DENTISTRY THROUGH ART. PART 3 The following images and descriptions are taken from dental students Rebecca Little and Lorna Hopps’ fourth year elective project. A French dentist shewing a specimen of his artificial teeth and false palates Figure 1. The French dentist, Nicolas Dubois de Chemant, demonstrates porcelain dentures to a potential client. His mouth is open, revealing a dentition desperately in need of restoration. The female patient’s mouth is very large, resulting in a good view of the dentures which are also in the centre of the image – highlighting them as the focus of

Fig. 1 A French dentist shewing a specimen of his artificial teeth and false palates. Thomas Rowlandson (1757-1827). 1811 Print. Reproduced with permission from the Wellcome Collection, London

FACULTY WELCOMES NON-ROYAL GRADUATES From 1 January 2014, anyone holding a postgraduate diploma (or higher) in a dental subject from a UK Higher Education Institution is eligible for Full membership of the Faculty of General Dental Practice (UK). Previously, applicants were required to possess a qualification from one of the surgical Royal Colleges. Applicants joining the FGDP(UK) under this new route will be entitled to use the post-nominals ‘MFGDP’ for the duration of their membership, or until they obtain the Faculty Fellowship (FFGDP) award.

the caricature. The ugliness of the woman probably suggests that anyone’s appearance can be improved with good dentures. This caricature is mocking the work of the dentist and back then, there were no restrictions on who or what could be made the subject of ridicule through caricature art.1-5 Out hunting for teeth (A Caza De Dientes) Figure 2. Francisco de Goya lived through the peninsula wars (18121814) and witnessed their horrors. He made a series of etchings about the disasters of war which weren’t produced until after his death. Here we see a woman plucking a tooth from a hanging corpse. She covers her face and looks afraid – clearly distressed by her ordeal. There are three main reasons as to why she may be doing this. One – it was believed that possessing the tooth of someone who had died a violent death could cure toothache. Two – people used to use them in potions and thus, she is practising witchcraft. Three - people would use human teeth to construct prostheses. The hanging man in the centre of the etching draws your eye down, to emphasise the fact that he’s hanging.2,6,7 1. Trevers J, Orskey M. Open wide! A series of eighteenth and nineteenth century caricatures on dentistry. Wychwood Books, 2009.

Fig. 2 Out hunting for teeth (A Caza De Dientes). Francisco de Goya y Lucientes (1746-1828). 1799. Reproduced with permission from The University of Maryland Digital Archive 2. Discussions with Dr Maureen Park and Professor David McGowan. 3. Menzies Campbell J. Articles on Menzies Campbell Collection – Dental Pictures (articles reprinted from The Dental Magazine and Oral Topics June 1964). 4. Ring M E. Dentistry - an illustrated history. p 172. Harry N. Abrams, Inc, 1992. 5. British Dental Association website. A French dentist showing his artificial teeth. Available at: museum/collections/dental-art/porcelain-teeth.aspx (accessed 7 February 2014). 6. Pindborg J J, Marvitz L. The dentist in art. p 100. Quadrangle Books, 1960. 7. Curtis E. Hand to mouth: essays on the art of dentistry. p 34. Quintessence, 2002.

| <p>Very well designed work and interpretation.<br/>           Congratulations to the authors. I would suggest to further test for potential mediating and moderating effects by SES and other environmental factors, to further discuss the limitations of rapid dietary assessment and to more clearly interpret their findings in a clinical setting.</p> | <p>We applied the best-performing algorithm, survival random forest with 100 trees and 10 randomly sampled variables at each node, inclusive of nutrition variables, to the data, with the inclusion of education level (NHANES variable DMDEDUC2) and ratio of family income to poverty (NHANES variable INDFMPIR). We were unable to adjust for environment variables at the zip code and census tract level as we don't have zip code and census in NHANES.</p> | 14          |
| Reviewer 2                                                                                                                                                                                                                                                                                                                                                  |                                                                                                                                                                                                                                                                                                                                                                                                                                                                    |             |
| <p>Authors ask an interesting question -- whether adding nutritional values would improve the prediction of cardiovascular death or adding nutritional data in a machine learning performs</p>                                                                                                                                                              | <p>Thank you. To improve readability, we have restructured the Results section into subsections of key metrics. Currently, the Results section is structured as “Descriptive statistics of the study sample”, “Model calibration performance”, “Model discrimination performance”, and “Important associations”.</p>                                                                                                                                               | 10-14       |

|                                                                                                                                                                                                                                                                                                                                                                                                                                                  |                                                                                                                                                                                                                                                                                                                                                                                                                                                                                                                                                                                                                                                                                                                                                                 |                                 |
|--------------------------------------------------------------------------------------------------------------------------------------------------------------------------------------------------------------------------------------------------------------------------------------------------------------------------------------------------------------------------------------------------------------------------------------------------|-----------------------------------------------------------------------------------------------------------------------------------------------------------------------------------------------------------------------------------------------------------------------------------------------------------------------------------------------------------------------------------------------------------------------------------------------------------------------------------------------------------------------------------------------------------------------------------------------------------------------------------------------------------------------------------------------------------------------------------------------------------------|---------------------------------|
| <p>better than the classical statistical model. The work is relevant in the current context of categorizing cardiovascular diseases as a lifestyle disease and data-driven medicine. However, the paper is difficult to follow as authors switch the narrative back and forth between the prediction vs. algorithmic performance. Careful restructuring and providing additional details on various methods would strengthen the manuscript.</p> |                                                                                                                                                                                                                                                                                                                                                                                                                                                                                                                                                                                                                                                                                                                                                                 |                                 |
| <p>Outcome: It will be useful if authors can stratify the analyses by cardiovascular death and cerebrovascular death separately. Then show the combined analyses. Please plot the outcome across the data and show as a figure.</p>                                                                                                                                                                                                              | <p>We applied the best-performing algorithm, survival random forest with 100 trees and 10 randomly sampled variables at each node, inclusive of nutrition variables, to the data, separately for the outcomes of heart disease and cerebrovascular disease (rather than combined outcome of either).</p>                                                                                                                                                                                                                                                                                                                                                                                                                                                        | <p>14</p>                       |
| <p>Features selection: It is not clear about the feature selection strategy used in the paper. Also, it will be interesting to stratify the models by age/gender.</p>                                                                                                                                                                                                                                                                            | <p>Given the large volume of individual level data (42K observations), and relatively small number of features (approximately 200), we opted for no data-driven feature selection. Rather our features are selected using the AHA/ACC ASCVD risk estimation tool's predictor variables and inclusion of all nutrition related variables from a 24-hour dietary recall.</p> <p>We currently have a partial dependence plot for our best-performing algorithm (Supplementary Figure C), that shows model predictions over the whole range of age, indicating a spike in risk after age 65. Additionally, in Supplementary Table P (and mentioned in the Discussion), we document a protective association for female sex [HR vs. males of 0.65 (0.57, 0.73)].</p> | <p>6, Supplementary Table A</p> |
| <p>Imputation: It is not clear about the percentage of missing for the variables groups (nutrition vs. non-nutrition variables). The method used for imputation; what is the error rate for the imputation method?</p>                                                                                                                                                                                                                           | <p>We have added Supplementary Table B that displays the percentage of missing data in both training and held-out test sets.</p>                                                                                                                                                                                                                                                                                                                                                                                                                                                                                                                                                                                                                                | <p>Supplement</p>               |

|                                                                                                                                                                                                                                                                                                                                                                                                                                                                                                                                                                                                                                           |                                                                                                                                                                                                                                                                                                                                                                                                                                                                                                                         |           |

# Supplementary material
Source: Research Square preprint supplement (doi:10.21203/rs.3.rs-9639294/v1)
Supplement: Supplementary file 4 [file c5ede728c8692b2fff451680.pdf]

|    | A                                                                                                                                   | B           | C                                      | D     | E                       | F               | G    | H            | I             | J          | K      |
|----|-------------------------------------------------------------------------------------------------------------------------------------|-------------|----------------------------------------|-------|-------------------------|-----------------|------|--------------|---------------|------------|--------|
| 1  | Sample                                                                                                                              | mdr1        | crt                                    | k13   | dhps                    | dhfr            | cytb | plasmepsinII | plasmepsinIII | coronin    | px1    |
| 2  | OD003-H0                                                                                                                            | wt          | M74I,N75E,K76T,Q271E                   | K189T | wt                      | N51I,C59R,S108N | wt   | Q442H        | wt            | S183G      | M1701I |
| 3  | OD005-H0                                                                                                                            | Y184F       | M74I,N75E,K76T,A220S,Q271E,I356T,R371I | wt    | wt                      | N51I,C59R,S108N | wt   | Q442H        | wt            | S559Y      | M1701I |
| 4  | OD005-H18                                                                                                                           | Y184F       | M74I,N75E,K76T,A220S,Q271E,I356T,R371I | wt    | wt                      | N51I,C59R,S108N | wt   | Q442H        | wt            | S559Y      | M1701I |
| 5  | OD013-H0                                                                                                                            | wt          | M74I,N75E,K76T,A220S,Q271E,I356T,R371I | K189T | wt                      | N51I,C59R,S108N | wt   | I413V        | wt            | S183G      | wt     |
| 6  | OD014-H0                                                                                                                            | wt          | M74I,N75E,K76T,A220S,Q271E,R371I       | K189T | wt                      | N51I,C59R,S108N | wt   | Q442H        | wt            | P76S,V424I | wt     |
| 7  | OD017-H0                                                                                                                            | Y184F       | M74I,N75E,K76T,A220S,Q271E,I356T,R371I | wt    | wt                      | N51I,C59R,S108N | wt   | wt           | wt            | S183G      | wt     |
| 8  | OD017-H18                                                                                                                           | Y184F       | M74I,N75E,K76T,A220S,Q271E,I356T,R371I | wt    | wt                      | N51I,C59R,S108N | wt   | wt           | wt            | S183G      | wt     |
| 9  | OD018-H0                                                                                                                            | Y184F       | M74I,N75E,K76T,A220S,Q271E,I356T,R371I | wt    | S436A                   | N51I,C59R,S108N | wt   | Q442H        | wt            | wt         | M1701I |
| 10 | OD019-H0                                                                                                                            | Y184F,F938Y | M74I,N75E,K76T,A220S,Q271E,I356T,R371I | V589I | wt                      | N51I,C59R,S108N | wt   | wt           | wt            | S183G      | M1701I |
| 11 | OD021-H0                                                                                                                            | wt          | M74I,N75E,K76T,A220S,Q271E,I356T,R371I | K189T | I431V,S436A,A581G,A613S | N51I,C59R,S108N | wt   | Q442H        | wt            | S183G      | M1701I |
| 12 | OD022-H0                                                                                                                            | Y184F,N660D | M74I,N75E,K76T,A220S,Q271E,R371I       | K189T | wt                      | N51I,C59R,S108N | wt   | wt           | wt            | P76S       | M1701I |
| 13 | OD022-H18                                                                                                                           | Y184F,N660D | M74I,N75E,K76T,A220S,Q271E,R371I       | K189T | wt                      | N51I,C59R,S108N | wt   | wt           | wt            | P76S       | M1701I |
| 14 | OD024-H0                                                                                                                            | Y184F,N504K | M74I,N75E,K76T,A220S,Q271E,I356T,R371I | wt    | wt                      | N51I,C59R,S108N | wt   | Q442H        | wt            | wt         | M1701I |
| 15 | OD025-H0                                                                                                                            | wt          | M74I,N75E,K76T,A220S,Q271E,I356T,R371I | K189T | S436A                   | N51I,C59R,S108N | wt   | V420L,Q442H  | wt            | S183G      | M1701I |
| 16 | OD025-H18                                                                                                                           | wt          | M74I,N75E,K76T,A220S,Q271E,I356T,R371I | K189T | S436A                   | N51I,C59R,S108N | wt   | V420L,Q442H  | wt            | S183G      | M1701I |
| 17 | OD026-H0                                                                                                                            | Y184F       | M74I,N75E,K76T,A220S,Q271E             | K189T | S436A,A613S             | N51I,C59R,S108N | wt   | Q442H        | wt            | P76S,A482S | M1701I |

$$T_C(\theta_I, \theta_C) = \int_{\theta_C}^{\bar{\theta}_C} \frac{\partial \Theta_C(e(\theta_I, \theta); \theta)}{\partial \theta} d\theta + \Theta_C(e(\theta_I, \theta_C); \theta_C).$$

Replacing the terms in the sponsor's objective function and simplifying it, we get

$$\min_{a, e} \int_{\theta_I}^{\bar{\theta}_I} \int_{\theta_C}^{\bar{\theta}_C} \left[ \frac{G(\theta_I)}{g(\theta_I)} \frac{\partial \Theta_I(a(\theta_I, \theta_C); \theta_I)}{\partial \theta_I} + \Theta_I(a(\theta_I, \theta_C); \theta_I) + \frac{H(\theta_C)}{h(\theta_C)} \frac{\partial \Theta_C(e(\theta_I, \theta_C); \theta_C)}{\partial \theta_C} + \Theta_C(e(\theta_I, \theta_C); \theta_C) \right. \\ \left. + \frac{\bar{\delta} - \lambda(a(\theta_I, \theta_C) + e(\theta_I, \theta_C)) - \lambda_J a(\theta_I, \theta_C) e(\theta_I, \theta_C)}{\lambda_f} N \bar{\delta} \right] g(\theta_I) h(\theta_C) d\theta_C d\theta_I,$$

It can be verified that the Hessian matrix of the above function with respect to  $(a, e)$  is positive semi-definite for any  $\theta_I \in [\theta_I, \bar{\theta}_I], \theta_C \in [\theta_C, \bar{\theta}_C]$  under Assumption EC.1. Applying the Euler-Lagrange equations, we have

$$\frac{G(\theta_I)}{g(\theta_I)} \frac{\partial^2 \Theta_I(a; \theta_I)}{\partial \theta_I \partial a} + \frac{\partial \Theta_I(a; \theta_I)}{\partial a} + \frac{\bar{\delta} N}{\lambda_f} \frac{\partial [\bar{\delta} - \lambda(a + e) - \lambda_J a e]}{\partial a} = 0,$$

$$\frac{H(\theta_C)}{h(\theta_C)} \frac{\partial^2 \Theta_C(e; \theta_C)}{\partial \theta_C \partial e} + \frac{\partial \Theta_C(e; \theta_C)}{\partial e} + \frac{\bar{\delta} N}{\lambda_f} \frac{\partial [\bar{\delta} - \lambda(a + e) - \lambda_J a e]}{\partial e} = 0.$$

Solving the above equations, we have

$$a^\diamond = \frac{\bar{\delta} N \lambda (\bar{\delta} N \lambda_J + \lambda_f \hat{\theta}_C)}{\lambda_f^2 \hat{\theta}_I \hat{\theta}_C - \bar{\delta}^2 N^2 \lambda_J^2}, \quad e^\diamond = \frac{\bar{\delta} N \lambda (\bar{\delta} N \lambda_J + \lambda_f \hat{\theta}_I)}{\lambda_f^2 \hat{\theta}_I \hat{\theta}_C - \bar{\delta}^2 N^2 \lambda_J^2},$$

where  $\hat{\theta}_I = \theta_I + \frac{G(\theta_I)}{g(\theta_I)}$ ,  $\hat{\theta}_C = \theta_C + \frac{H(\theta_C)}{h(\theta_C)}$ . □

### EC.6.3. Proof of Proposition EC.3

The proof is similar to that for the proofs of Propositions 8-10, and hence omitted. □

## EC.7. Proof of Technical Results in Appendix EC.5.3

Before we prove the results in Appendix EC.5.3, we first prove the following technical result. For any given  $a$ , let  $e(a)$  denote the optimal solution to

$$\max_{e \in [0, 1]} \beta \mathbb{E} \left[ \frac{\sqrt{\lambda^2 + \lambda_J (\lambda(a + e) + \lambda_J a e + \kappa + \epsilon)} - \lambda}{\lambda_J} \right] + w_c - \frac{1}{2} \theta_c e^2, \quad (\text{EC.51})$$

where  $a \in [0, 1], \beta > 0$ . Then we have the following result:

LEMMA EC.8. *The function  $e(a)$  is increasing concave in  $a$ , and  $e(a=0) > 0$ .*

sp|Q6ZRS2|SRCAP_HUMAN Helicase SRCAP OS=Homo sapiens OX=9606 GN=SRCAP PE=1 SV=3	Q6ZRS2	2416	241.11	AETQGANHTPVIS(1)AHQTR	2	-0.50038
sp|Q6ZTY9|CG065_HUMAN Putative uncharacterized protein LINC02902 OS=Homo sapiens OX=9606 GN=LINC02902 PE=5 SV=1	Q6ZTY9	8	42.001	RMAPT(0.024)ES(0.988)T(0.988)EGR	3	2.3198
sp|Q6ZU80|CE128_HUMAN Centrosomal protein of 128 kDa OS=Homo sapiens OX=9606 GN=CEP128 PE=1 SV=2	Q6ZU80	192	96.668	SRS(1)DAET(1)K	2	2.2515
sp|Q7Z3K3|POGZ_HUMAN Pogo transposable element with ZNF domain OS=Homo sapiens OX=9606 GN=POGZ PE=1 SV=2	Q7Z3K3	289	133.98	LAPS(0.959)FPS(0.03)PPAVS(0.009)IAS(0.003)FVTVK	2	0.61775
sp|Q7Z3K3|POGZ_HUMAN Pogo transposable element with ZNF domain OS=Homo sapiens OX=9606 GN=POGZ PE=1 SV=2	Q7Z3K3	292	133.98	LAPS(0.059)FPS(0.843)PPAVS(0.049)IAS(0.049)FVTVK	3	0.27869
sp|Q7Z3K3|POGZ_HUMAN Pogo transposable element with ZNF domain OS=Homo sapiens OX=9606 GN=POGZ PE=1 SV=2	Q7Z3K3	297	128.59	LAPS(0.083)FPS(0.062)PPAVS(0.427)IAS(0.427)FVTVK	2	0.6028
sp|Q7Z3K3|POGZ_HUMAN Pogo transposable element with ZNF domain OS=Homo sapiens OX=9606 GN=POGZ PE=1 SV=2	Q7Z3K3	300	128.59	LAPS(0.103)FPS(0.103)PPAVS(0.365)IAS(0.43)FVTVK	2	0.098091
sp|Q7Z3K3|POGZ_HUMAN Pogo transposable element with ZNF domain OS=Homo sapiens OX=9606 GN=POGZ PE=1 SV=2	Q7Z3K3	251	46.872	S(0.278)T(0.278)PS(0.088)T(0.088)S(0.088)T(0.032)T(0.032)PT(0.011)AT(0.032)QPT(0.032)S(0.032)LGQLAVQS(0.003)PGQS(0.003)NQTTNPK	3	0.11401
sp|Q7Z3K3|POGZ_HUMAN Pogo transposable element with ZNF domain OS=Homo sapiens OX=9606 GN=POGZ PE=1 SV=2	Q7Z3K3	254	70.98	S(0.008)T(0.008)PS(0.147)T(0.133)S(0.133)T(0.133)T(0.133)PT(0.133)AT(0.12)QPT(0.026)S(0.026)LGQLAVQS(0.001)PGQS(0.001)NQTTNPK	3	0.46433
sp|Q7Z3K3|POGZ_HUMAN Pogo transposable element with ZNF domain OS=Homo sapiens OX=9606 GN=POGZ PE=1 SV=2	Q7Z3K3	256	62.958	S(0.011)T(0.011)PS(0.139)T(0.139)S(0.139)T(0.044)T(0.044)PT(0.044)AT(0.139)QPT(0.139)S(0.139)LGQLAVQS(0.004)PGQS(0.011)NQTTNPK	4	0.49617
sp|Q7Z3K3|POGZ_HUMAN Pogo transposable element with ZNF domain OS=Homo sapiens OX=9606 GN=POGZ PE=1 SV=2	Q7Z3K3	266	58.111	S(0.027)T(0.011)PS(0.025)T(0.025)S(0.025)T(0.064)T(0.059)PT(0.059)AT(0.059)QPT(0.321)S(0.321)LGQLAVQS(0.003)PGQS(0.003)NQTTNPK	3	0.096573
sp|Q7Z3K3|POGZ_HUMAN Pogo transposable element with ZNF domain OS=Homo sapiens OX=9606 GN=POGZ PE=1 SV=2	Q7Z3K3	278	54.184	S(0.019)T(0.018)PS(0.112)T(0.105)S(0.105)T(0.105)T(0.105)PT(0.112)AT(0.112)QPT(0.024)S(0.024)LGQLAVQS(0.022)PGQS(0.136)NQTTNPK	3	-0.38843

FROM THE ARCHIVE The following notice was published in the British Dental Journal on 2 February 1914 in Volume 35 page 167. With thanks to Helen Nield, BDA Library Manager, for sourcing gems such as this one from the BDJ archives.

THE FIRST WOMAN CHLOROFORMED Mrs. Agnes Thomson, the first woman to inhale chloroform, has died at Streatham, at the age of 83. She was a niece of Sir J. Y. Simpson’s wife, and, with her father, Commander Petrie, was present at 52, Queen Street, Edinburgh, on the eventful night, November 4, 1847, when the great discovery was made of the use of chloroform by Sir James (then Professor) Simpson. On that occasion (says the Morning Post), after Sir James and his assistants had recovered from the effects of the experimental doses upon themselves, Miss Petrie came forward to be experimented upon and proved a most happy subject under the influence of the drug, as, when falling asleep, she made the remark: “I am an angel, a beautiful angel! How are you all down there?” At the chloroform parties held in those early days of the discovery Miss Petrie was often chloroformed to show the pleasing effects the drug had upon a patient. She invariably made the same remark about being an angel.


BRITISH DENTAL JOURNAL VOLUME 216 NO. 5 MAR 7 2014 © 2014 Macmillan Publishers Limited. All rights reserved

Dental art: Dentistry through art. Part 3.

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